He emphasizes that “homeostatic reactions are inevitable and automatic if the system is functioning properly, and that a steady state or homeostasis may be maintained by many systems operating together. For example, flushing is another of the body's automatic responses to heating: the skin reddens because its small blood vessels automatically expand to bring more heated blood close to the surface where it can cool. Shivering is another response to chilling: the involuntary movements burn body tissue to produce more body heat.”
Kelvin S. Rodolfo explains furthermore that oscillation is a common and necessary behavior of many systems and that they themselves promote such oscillations above and below the equilibrium level.
Homeostatic systems evolved throughout the years to help the body maintain its ideal functions in different environments and situations. But beyond that, according to an article published in 2013 by the National Library of Medicine (National Center for Biotechnology Information), a group of scientists theorized that homeostasis mainly provides a “quiet background” for cells, tissues and organs to communicate with one another. The theory proposes that homeostasis makes it easier for organisms to extract important information from the environment and to transmit it between different parts of the body.
Homeostasis beyond physiology
Moving slightly away from the explanations of homeostasis in the body, professor Kelvin S. Rodolfo says that homeostasis has also found useful applications in the social sciences. “It refers to how a person under conflicting stresses and motivations can maintain a stable psychological condition. A society homeostatically maintains its stability despite competing political, economic and cultural factors. A good example is the law of supply and demand, whereby the interaction of supply and demand keeps market prices reasonably stable.”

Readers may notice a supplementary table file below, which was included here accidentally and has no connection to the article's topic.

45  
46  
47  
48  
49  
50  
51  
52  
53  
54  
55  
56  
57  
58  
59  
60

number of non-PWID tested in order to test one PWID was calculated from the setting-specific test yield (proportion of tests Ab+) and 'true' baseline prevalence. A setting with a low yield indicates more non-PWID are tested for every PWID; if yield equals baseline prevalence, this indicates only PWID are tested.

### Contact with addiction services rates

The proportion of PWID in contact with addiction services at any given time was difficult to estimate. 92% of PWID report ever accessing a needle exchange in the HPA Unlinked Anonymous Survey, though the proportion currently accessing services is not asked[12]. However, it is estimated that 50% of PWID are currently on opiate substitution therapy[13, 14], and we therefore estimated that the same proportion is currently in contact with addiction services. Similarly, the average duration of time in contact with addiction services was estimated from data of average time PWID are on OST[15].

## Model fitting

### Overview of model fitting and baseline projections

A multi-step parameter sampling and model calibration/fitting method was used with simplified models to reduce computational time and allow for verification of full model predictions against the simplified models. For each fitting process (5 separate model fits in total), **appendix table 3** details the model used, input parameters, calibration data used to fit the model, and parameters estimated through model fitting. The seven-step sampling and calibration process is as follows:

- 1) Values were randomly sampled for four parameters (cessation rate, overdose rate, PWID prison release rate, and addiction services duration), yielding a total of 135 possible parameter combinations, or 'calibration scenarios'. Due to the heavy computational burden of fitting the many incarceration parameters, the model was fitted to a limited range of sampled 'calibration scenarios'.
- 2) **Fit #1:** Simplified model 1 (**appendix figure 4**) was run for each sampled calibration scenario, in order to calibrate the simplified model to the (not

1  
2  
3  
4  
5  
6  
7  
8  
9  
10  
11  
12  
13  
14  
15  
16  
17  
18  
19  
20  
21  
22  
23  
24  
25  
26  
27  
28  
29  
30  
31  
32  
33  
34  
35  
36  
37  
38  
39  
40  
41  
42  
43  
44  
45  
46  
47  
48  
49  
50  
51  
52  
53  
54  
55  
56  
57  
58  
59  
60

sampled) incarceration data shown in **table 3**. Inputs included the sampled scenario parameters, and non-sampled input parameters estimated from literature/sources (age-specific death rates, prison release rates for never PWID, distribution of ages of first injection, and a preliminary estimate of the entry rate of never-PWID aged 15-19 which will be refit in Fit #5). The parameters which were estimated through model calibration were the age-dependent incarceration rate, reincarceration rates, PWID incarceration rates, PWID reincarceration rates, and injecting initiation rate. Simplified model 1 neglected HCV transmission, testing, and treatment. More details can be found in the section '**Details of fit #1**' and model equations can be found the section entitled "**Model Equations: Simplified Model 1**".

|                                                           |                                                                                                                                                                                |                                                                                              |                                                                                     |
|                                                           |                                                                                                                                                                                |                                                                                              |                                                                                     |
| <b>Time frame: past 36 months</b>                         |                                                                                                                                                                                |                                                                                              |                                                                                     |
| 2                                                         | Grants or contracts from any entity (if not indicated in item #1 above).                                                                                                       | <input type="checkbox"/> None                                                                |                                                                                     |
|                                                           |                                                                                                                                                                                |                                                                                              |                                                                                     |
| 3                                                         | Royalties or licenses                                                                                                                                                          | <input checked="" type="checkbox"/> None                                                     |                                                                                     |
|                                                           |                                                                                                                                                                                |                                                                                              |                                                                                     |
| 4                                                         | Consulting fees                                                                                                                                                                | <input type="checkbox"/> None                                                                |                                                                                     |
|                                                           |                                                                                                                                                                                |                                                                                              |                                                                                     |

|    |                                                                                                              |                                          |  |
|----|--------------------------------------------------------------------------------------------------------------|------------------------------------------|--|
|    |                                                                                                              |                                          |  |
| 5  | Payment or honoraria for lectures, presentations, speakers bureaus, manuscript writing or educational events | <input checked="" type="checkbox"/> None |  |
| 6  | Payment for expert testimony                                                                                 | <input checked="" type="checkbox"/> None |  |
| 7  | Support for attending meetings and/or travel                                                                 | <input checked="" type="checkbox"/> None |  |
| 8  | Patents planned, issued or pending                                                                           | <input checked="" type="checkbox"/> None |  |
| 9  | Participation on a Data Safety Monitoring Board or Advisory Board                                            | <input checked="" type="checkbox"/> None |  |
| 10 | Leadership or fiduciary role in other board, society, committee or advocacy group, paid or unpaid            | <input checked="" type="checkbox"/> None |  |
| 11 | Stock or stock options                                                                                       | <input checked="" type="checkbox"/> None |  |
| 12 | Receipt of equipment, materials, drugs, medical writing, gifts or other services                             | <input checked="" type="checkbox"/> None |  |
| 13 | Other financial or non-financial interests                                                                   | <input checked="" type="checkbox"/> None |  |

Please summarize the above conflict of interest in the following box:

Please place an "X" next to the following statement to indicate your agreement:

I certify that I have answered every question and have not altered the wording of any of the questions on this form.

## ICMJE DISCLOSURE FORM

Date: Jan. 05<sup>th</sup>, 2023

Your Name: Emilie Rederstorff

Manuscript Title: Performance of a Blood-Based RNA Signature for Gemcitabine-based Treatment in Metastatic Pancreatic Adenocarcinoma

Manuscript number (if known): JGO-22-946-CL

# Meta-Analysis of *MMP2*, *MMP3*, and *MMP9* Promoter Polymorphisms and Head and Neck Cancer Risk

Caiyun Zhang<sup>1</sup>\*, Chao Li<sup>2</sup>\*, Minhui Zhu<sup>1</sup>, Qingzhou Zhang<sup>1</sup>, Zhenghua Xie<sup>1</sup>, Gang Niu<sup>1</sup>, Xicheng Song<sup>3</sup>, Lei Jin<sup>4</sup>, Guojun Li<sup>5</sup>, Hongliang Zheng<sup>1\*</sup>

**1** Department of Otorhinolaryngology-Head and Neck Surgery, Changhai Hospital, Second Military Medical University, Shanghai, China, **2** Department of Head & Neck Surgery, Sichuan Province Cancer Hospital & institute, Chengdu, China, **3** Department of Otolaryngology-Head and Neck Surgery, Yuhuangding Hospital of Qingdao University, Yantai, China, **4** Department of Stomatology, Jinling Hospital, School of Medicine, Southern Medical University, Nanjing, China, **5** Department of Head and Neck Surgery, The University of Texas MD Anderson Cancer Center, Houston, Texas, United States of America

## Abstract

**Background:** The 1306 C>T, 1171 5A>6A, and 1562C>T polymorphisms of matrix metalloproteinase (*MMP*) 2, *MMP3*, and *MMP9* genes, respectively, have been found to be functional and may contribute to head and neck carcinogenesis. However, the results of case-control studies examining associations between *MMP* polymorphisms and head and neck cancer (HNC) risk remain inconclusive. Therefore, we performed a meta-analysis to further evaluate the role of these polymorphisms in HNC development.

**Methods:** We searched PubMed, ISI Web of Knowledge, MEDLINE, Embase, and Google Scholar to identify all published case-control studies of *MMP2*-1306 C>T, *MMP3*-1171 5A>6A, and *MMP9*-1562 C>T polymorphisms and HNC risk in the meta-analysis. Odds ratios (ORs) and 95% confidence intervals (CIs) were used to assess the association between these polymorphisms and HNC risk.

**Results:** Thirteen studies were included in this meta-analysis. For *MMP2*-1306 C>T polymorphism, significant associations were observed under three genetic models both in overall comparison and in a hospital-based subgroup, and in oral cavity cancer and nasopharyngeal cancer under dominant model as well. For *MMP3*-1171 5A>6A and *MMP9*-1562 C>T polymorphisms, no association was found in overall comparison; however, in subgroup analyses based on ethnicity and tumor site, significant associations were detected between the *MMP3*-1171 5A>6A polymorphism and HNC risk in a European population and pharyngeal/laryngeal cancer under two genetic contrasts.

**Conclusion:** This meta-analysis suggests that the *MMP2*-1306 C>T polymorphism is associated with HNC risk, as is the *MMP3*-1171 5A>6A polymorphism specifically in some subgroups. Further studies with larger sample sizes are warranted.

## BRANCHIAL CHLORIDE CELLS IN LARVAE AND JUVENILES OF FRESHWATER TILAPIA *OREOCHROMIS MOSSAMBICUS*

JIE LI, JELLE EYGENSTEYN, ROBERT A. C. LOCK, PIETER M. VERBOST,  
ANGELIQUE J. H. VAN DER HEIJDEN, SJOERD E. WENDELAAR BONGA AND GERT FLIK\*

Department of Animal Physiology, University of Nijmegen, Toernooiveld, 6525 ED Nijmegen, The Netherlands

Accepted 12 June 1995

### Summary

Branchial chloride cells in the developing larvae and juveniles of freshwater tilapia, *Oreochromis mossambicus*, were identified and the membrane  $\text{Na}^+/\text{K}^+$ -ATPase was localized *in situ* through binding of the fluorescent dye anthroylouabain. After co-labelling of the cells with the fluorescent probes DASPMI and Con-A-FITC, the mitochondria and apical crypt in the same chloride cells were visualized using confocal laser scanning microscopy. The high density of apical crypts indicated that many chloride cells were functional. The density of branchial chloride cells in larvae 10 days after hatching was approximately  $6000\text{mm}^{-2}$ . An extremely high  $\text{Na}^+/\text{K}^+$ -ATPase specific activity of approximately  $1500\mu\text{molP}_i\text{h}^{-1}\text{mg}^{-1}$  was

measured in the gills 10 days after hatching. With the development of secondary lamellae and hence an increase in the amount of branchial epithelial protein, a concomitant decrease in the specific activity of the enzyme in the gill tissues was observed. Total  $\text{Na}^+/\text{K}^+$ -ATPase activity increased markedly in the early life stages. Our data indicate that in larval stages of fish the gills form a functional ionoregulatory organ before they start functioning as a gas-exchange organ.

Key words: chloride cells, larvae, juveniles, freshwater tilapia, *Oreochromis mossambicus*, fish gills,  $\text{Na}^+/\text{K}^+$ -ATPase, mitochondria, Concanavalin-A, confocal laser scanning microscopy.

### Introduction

Written by Débora Nazário
Translated by Mariana Gruber
The body needs to return to homeostasis when it encounters a stress factor. When we think about this stress factor, we usually think of a flu that weakens our bodies or makes it feverish in order to combat an infection; or we think of a freezing-cold day and clothes that are not warm enough, thus our bodies shiver uncontrollably in order to generate heat and avoid lowering its temperature.
However, there’s also psychological stress: when we are overloaded or concerned about something. Our bodies have a series of responses in the face of stress and each person reacts differently. Some people sleep, others crave sweets; some lose all appetite, others feel constipated – or need to visit the toilet five times a day. All of this is our body showing us that there is an imbalance that may be emotional.
Kids can also be stressed and have responses such as a lack of appetite, sleep deregulation or irritability. You need to stay alert and seek the help of pediatricians and therapists in case one of these warning signs is identified.
Truth and Tales, our children’s well-being app, relies on some activities that may help kids return to their homeostatic state. The interactive stories and audiobooks are Teaching Stories, ancient stories structured in a way that improves neuroplasticity and provides space to develop finer skills, such as focus and attention.
We also offer physical activities that integrate the body and mind and help restore homeostasis. In a playful and fun way, kids are given space to notice their bodies and their feelings, placing their attention back on themselves.